It’s no secret that Google — and other search engines — uses a variety of factors to customize search results: your search history, your location, and so forth. If you misspell a word, search engines often guess what you intended to type and show auto-corrected results. But on Google’s search results pages, it’s becoming a secret when these changes are happening.
Google Blogoscoped writes about Google ignoring some search terms altogether (as if it knows better than you what you meant to search for). The example in that post is a search for “dictionary cleaning up suddenly,” in which Google ignored the word “suddenly”:
But worse than ignoring part of the query is the fact that Google’s explanation is buried at the bottom of the search results where only a small percentage of eyes will ever see it. Why so secretive, Google? If you’re going to rewrite the query for me, wouldn’t it be more transparent to tell me right away? Wouldn’t it be more user-friendly to give me that “show results”/override link at the top so I can run the search I actually typed in?
It’s the same story with the personalization messages that show up when Google adjusts its results based on your web history or location. Those notices used to appear in the upper right of the search results page, above the blue bar, like you see in this image from a Google blog post with the ironic title, “More transparency in customized search results.”
That blog post, written almost a year ago, talks about Google’s “commitment to transparency.” But just try to get one of the customization messages to show up today at the top of the search results. They don’t. Sometime within the last couple months (or more), Google started tucking them away at the bottom of the page, again where few eyes will ever see them.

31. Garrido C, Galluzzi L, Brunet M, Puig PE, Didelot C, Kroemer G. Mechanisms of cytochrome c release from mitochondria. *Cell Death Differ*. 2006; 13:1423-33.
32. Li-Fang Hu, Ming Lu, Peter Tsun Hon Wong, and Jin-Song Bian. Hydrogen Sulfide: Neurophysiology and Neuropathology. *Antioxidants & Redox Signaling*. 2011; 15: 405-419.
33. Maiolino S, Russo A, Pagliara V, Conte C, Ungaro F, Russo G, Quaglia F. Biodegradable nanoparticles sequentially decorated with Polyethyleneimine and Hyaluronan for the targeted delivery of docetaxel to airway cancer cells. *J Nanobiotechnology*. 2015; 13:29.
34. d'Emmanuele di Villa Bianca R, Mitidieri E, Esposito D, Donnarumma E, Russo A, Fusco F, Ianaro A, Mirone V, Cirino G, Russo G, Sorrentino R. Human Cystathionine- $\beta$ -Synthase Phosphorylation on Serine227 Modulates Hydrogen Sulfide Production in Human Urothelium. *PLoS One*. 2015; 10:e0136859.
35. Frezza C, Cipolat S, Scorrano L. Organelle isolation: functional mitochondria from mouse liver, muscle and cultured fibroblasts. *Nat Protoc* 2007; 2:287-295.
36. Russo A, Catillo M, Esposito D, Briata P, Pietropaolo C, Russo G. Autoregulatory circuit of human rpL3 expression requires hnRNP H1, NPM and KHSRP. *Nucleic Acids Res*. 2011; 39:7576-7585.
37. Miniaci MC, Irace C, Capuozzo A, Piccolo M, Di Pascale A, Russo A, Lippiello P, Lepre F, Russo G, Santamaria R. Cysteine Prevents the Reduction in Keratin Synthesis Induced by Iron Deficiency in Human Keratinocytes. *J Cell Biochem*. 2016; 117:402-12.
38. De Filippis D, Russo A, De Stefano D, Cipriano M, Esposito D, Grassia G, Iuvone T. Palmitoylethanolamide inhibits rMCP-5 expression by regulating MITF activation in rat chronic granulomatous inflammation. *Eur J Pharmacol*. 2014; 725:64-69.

Danny Sullivan said it well when Google announced this move to transparency last year:
“It’s a nice move to help searchers know what exactly is going on ‘under the hood’ at Google and override it if the wrong choices are being made. I’d like to see more of it.”
Instead, it seems we’re seeing less of it. Auto-corrected misspellings are no longer identified; correct spellings are used instead of what you searched, with no notice that your query was changed. Here’s a search for “bellweather credit union” in which the results are changed to “bellwether.”
No doubt, fixing the spelling is the right thing to do in this case. And there’s nothing inherently wrong with customizing results based on my location or previous searches. But Google had it right a year ago with its talk about transparency: Any changes or adjustments to the search results should be indicated clearly and immediately at the top of the page, not buried below the search results (or removed altogether). If you ignore one of the words in a user’s query, tell him right away. If you’re showing a user certain results based on her previous searches, tell her right away.
“At Google, we’re committed to transparency and choice.”
Maybe it’s time turn the clock back a year and make that commitment all over again.